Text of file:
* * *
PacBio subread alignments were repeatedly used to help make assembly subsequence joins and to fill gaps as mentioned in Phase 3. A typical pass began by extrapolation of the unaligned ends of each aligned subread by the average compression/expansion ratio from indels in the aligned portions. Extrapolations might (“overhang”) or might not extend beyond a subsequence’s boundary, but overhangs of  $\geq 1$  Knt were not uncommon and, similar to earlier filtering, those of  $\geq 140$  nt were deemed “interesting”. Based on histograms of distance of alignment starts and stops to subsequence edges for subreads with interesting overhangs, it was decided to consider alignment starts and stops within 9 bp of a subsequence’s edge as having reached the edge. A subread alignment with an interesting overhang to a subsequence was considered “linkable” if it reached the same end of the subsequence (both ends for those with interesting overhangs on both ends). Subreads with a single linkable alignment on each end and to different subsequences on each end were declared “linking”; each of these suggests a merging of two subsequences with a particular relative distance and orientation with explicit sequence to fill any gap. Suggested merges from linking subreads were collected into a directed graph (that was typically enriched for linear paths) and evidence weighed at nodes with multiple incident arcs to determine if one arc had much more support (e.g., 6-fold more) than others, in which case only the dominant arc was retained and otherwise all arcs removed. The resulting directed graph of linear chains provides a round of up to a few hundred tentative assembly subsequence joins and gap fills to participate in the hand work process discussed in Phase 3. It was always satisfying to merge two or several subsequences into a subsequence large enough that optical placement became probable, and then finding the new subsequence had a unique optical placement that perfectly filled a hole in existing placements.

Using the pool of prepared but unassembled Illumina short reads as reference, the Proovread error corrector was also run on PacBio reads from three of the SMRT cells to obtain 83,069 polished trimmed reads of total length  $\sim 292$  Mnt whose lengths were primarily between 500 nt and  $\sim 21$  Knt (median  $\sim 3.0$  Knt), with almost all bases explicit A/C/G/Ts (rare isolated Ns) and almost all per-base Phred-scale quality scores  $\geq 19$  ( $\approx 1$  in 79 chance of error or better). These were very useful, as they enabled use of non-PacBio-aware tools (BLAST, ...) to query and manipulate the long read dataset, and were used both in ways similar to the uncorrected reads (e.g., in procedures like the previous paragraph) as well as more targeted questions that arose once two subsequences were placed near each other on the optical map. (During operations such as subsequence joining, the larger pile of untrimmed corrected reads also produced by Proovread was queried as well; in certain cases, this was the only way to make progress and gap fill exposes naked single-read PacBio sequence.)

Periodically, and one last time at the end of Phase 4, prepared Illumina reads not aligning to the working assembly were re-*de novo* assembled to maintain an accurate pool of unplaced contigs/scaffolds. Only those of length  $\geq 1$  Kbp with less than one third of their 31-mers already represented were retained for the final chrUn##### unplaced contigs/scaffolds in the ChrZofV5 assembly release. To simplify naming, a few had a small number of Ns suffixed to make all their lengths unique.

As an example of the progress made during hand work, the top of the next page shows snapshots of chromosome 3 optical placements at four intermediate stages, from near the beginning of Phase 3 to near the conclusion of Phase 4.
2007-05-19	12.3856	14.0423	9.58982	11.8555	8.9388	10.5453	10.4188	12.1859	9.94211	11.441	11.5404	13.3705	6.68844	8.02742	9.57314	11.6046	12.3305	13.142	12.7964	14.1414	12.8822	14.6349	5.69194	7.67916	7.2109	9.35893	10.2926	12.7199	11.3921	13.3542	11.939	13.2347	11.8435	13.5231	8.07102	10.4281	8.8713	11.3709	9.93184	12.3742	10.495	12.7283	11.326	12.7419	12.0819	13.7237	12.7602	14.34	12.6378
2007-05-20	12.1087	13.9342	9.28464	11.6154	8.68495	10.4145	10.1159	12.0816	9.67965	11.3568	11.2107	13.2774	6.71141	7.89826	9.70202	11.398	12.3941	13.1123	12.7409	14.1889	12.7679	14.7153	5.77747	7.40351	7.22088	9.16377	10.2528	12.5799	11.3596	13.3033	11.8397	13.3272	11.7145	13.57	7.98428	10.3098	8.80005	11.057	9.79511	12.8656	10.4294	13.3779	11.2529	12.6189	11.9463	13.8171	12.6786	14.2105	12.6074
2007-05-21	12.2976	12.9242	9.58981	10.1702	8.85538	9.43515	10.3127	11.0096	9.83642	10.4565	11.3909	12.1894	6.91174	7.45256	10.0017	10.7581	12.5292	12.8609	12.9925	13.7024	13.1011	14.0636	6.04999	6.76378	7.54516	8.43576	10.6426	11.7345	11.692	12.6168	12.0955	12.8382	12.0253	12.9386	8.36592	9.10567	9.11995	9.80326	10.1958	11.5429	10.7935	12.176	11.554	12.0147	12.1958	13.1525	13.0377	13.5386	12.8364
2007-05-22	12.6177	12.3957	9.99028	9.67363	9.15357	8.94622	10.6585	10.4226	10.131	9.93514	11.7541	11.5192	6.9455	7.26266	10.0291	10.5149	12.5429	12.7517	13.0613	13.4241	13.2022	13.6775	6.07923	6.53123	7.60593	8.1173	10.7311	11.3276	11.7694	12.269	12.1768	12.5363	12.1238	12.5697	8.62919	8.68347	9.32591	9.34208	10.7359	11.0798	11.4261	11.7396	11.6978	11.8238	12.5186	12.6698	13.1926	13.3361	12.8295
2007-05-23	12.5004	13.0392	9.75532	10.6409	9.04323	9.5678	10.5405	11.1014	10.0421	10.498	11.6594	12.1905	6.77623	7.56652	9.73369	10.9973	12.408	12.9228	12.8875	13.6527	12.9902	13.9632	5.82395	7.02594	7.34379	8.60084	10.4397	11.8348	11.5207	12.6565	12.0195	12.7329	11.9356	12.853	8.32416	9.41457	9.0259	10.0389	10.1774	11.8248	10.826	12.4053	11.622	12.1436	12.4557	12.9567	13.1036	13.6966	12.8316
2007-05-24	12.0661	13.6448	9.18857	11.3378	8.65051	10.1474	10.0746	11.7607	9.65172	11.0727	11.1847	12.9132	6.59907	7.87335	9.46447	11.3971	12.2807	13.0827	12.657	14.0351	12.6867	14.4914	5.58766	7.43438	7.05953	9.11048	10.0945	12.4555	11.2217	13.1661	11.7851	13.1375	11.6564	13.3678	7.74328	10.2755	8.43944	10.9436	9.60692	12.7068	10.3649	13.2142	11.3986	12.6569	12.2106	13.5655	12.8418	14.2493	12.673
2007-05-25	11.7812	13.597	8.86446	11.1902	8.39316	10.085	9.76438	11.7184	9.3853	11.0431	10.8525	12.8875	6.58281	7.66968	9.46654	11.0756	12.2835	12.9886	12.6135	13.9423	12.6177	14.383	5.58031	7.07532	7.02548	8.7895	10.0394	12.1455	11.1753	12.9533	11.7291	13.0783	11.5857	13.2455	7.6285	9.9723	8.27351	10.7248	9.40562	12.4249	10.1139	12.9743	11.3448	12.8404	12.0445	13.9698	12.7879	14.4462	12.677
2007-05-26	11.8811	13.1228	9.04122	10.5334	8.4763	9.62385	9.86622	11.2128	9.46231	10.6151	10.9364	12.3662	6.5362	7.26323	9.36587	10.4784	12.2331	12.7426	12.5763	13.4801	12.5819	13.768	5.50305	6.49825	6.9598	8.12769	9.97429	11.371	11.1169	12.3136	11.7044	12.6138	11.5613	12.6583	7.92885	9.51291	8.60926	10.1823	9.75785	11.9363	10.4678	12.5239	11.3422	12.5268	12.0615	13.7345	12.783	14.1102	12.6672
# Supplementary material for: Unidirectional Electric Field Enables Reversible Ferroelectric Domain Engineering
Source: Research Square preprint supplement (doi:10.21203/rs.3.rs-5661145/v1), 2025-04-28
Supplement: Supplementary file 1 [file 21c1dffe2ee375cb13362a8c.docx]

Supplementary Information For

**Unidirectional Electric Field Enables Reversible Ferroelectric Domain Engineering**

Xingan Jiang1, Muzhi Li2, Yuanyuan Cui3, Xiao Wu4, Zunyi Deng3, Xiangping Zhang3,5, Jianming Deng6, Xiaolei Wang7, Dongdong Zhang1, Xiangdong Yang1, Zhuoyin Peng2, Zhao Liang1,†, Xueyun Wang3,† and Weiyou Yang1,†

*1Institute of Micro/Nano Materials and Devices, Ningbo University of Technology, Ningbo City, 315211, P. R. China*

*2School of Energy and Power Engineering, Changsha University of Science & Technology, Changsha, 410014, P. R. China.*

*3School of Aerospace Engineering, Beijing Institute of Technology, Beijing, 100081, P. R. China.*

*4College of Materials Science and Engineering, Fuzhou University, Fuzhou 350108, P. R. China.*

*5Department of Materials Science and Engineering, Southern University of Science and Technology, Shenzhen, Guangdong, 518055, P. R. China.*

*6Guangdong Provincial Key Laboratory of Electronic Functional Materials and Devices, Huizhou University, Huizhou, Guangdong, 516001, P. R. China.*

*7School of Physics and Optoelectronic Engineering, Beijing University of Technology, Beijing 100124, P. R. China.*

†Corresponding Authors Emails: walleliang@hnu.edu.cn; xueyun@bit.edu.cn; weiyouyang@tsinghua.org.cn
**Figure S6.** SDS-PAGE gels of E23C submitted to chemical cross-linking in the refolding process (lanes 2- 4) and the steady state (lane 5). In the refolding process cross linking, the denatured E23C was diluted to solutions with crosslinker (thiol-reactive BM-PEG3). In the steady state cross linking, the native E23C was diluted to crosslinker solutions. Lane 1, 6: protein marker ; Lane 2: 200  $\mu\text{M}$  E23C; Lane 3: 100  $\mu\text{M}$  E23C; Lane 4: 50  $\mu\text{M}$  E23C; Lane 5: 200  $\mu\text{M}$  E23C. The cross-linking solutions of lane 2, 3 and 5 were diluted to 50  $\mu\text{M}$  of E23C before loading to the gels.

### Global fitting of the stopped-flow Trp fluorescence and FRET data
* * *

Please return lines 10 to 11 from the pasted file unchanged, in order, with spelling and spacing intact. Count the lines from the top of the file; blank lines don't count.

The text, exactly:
2007-05-24	12.0661	13.6448	9.18857	11.3378	8.65051	10.1474	10.0746	11.7607	9.65172	11.0727	11.1847	12.9132	6.59907	7.87335	9.46447	11.3971	12.2807	13.0827	12.657	14.0351	12.6867	14.4914	5.58766	7.43438	7.05953	9.11048	10.0945	12.4555	11.2217	13.1661	11.7851	13.1375	11.6564	13.3678	7.74328	10.2755	8.43944	10.9436	9.60692	12.7068	10.3649	13.2142	11.3986	12.6569	12.2106	13.5655	12.8418	14.2493	12.673
2007-05-25	11.7812	13.597	8.86446	11.1902	8.39316	10.085	9.76438	11.7184	9.3853	11.0431	10.8525	12.8875	6.58281	7.66968	9.46654	11.0756	12.2835	12.9886	12.6135	13.9423	12.6177	14.383	5.58031	7.07532	7.02548	8.7895	10.0394	12.1455	11.1753	12.9533	11.7291	13.0783	11.5857	13.2455	7.6285	9.9723	8.27351	10.7248	9.40562	12.4249	10.1139	12.9743	11.3448	12.8404	12.0445	13.9698	12.7879	14.4462	12.677